OREGON BALLET THEATRE'S UPRISING: WEINLAND, LAURA GIBSON (Aladdin Theater, 3017 SE Milwaukie) Everyone's got to eat, even the whippet-thin dancers of Oregon Ballet Theatre (OBT). But food costs money, and during OBT’s recent fi nancial crisis, management told the corps to prepare for the worst. So principal Candace Bouchard conceived of a way to put a few bucks into the pockets of her dancer friends’ skinny jeans. Calling it Uprising, the forward-thinking Bouchard bringsballet to a new audience using music that’s popular everywhere but the classical world. Uprising premiered to packed houses at Mississippi Studios last summer. “It’s important for ballet to get out of its bubble if it’s to survive,” Bouchard says, “and I want it to survive.” Besides developing future fans, she is intent on collaborating with local artists. Last year’s shows featured indie-folk band Horse Feathers—this year, Weinland and Laura Gibson provide the accompaniment.
THE OCEAN FLOOR, AH HOLLY FAM'LY, KELE GOODWIN (The Artistery, 4315 SE Division) When Lane Barrington joined Church (sorry, Hosannas, but it'll always be Church to me), his expressive drumming took the band to dynamic new heights. All the while Barrington maintained his own project, the Ocean Floor, which he is now pursuing exclusively along with Shannon Rose Steele. Tonight marks the release of Pop Quiz, the Ocean Floor's playful yet meticulously crafted full-length. On top of acoustic guitar and Barrington's marvelous percussion, the duo sprinkle in all kinds of counterpoints, including strings, horns, keys, winds, and more. Everything here is effervescent, pastel, heartwarming, and cute. And while the wildly orchestrated tracks on "Pop Quiz" shimmer and shift like dense constellations, live the duo figures to offer a more intimate, stripped-down approach. Nonetheless, Barrington and Steele have the talent to make the minimal every bit as sparkling. ANDREW R TONRY
THE DEAD WEATHER, HARLEM (Crystal Ballroom, 1332 W Burnside) Does anyone really like the Dead Weather more than the White Stripes, the Raconteurs, or even the Kills? Or, at this point in Jack White's victory lap as the only mainstream alt-rock guitarist worth a damn, do we not get to ask such questions? Sea of Cowards, full-length number two for this side project of a side project, is infinitely better than its predecessor Horehound, but that isn't exactly a compliment worthy of the massive talent that anchors the Dead Weather. Instead, it's merely another stopgap, a way to kill time between releases from their other bands. EAC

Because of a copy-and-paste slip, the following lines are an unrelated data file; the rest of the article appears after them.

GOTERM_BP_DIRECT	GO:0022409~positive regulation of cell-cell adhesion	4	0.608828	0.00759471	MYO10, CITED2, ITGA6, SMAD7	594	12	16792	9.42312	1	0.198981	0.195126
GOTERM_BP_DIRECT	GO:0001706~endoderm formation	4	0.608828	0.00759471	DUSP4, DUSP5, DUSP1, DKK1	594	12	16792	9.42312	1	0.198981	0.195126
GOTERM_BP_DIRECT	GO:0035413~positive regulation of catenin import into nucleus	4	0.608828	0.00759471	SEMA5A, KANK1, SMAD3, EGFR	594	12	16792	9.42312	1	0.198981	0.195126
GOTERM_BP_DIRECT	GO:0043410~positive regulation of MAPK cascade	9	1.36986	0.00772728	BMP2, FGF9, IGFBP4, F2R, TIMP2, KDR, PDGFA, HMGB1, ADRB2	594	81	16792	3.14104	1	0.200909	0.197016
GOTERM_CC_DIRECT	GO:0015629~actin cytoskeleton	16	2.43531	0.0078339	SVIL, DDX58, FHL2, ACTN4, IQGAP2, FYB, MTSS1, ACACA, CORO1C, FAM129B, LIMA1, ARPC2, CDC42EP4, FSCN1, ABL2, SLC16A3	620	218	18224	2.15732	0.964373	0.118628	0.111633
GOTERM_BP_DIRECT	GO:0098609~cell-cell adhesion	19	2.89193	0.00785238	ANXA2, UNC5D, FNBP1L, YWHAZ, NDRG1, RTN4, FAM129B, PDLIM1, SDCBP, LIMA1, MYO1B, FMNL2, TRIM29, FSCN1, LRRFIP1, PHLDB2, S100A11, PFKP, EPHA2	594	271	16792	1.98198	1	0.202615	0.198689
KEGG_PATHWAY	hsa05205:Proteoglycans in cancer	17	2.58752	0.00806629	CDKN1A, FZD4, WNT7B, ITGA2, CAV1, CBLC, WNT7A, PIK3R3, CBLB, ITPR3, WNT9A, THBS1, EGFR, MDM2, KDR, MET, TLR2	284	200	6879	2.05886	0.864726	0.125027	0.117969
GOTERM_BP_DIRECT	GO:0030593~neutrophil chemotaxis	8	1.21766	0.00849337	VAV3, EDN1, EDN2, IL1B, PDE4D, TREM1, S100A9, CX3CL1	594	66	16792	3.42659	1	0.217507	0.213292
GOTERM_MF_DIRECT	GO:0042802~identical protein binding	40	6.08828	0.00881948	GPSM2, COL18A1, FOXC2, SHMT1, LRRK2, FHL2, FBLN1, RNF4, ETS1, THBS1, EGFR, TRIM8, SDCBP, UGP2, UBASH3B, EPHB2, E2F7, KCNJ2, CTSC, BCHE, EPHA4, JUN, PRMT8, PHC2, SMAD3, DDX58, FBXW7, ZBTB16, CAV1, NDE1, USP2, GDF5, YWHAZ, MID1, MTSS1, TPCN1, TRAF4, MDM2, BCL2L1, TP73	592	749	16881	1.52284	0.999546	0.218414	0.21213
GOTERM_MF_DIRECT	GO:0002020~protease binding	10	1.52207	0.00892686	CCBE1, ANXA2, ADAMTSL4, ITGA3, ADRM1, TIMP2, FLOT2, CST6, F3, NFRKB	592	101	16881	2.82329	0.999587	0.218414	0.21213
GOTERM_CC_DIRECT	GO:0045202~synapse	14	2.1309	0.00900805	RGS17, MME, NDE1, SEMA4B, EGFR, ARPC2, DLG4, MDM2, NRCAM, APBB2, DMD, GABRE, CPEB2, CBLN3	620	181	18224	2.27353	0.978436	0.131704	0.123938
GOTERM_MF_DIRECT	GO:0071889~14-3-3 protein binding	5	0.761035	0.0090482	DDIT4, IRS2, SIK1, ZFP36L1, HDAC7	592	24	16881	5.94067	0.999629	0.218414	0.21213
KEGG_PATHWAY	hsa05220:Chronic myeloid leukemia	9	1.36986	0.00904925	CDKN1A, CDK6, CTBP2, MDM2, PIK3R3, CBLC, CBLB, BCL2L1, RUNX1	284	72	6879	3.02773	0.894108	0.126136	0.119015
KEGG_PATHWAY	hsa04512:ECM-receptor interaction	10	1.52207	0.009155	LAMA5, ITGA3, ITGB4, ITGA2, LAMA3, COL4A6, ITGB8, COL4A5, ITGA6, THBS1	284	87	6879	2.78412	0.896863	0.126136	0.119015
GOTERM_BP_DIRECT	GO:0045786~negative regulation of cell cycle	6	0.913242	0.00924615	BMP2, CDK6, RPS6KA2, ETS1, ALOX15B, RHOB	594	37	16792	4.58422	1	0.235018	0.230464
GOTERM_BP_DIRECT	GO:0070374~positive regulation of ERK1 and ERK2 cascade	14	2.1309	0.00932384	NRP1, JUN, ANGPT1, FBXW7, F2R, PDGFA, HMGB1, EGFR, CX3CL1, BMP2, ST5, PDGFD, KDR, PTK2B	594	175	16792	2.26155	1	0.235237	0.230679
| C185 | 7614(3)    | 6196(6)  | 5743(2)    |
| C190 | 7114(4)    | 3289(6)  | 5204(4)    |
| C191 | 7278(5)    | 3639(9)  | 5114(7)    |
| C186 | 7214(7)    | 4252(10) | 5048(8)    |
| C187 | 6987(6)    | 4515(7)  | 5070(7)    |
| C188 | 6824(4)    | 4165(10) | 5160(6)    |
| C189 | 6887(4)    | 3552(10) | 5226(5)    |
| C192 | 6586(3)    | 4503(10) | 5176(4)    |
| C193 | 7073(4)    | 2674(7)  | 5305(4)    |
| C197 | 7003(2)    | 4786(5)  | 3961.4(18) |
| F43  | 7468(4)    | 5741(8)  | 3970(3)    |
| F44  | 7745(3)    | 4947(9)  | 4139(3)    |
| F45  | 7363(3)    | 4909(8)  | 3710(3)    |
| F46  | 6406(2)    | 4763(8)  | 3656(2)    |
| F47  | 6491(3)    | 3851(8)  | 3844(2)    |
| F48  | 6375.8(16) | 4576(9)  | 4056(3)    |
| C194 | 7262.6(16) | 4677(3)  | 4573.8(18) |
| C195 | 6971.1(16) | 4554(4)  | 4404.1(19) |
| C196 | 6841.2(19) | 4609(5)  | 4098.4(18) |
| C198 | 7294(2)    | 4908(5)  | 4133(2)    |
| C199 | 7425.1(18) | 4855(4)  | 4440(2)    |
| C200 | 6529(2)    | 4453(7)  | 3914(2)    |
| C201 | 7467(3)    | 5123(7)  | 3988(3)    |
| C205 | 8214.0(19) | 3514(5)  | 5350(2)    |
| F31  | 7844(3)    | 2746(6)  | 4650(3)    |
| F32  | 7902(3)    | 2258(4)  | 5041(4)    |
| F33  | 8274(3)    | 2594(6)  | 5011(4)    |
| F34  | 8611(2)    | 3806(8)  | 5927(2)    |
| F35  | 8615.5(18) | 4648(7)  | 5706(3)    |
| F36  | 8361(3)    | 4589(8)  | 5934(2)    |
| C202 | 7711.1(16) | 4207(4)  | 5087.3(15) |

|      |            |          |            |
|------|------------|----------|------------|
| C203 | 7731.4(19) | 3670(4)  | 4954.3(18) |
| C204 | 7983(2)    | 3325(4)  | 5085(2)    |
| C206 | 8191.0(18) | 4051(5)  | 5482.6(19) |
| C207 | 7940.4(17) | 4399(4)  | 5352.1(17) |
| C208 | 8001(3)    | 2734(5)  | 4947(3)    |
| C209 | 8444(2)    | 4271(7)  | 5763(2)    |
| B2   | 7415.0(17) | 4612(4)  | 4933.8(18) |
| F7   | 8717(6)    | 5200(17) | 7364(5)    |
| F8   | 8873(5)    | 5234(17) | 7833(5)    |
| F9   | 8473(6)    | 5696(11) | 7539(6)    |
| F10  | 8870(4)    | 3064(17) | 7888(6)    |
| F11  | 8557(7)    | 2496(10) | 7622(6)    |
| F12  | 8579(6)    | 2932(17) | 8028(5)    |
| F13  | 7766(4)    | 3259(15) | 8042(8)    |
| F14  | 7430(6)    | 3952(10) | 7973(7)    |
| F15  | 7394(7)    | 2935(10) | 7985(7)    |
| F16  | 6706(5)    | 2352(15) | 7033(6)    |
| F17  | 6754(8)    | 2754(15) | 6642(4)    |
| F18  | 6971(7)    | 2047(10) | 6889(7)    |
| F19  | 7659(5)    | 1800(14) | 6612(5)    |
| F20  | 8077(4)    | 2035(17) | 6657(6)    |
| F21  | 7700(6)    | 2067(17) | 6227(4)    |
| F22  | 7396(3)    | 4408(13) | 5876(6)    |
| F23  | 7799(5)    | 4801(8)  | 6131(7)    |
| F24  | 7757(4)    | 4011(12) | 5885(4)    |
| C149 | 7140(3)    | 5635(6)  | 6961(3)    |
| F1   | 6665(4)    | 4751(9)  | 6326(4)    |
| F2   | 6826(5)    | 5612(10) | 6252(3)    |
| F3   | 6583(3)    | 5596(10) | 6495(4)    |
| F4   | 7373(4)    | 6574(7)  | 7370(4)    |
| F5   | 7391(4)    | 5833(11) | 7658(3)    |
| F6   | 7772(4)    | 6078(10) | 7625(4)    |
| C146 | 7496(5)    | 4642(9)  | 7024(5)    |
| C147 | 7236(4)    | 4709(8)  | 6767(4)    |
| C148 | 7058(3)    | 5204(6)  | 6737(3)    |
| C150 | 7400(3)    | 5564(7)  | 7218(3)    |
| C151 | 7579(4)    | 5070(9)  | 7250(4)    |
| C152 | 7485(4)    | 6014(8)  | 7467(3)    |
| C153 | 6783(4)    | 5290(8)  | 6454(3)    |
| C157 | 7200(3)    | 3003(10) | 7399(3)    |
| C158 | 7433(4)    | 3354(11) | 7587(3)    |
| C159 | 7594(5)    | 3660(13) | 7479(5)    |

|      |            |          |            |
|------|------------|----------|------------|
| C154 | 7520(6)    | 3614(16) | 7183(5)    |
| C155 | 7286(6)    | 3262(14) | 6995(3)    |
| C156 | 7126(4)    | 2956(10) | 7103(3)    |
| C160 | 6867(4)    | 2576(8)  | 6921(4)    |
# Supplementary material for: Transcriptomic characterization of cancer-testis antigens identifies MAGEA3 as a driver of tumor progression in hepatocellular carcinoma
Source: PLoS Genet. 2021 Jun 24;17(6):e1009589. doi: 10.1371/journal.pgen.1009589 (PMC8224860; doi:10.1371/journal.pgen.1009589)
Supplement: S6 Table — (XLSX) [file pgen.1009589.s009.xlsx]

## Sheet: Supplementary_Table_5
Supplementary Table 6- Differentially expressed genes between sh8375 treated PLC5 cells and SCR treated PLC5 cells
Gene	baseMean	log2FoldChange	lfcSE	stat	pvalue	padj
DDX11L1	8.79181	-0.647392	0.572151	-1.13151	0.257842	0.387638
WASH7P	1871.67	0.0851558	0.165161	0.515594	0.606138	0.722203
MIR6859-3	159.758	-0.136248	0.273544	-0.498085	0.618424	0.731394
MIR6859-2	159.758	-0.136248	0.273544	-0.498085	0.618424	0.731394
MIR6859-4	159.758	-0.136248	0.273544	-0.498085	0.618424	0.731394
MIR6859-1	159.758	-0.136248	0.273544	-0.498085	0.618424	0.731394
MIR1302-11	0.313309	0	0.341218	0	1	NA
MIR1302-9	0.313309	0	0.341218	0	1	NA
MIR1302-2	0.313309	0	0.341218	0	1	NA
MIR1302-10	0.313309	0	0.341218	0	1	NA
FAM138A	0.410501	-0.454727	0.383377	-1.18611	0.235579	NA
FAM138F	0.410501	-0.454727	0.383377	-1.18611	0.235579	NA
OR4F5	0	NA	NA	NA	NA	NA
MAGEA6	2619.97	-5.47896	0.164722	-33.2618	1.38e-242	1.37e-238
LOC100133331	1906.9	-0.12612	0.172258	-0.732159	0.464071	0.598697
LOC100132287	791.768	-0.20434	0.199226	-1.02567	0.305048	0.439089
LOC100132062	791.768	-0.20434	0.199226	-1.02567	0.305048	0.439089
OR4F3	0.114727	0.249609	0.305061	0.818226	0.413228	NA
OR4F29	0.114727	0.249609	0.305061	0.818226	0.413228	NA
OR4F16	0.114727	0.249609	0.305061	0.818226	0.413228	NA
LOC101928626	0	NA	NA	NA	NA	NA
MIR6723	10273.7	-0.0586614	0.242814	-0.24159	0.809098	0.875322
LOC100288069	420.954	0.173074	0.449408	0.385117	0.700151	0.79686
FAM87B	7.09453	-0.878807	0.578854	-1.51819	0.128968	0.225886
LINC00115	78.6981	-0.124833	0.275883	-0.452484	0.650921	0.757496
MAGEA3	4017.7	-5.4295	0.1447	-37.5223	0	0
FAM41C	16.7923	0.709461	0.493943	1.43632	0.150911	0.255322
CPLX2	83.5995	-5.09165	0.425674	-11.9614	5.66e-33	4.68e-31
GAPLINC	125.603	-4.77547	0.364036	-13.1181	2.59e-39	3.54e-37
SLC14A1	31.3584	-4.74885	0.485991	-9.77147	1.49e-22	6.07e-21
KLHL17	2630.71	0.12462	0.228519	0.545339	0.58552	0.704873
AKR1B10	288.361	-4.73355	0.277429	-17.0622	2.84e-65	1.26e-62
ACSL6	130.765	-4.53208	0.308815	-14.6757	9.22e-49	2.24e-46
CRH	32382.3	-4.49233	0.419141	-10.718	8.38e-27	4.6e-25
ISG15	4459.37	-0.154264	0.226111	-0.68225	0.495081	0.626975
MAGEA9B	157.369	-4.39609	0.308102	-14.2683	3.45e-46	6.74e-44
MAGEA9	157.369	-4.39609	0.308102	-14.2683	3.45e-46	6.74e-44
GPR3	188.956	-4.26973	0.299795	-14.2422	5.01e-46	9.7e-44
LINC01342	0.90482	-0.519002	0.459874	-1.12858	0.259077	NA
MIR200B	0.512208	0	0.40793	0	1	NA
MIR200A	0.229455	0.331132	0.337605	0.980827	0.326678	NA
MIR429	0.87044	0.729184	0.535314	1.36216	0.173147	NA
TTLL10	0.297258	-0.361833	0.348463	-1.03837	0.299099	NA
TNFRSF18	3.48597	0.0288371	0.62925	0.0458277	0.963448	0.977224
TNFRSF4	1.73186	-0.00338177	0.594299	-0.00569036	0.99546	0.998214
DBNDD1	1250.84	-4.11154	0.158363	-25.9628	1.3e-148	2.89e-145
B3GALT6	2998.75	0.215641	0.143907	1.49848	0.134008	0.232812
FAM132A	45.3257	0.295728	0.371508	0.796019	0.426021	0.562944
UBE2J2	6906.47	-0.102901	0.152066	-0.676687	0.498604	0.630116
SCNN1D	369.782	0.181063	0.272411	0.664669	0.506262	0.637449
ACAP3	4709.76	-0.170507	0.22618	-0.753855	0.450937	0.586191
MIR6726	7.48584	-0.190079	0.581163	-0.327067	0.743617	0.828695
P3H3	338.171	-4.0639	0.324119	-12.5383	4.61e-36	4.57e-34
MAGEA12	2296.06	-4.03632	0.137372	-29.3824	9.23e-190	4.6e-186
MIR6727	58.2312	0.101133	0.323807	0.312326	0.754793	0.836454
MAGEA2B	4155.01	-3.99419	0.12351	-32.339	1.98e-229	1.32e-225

Scientist and S after the jump!
As always, you can find our complete live music listings here.
VERSION: SCIENTIST, MONKEYTEK, JON AD, RYAN ORGAN, JAGGA CULTURE (Holocene, 1001 SE Morrison) I'm just going to come out and say it: Dubstep has fallen embarrassingly off track. What started off as a promising subgenre made from equal parts Jamaican dub and UK garage has quickly devolved into a frenzy of grating chainsaw noises and macho chest bumps. The warmth and groove that defines the bass sound of traditional dub got lost somewhere in the shuffle, and tonight is a rare chance for redemption. Dub pioneer (and King Tubby protÉgÉ) Scientist is teaming up with dubstep contemporary Alter Echo for a first-time live collaboration. As source material, the two will mix only elements of songs released by Portland's Lodubs Records—a label that has adamantly resisted the dubstep dumb-down—including upcoming material that hasn't come out yet. This all came about because the infamous and elusive Scientist contacted Lodubs claiming he could bring out "a hidden third dimension" in the label's sound. True story. AVA HEGEDUS
GRAND ARCHIVES, CASEY NEILL AND THE NORWAY RATS, S (Mississippi Studios, 3939 N Mississippi) A couple weeks back Carissa's Wierd reunited in Seattle. You weren't there. Chances are you weren't at any of the band's previous Portland shows in the early '00s either, since those were equally as memorable for the music onstage as the depressingly sparse turnout. But there are second chances in music fandom, and if you've had the pleasure to experience any of Carissa's Weird's cripplingly sad music without ever actually witnessing the real thing onstage, tonight is a good place to start. The whispered bedroom vocals of Mat Brooke and Jenn Ghetto have since been pried apart, but you can hear Brooke fronting Grand Archives and Ghetto in her solo project, S—the latter of which is a real treat, since Ghetto was dormant for a handful of years, only recently returning to where she belongs with a new solo disc, I'm Not as Good at it as You. You missed out the first time; let's not have that happen again. EAC
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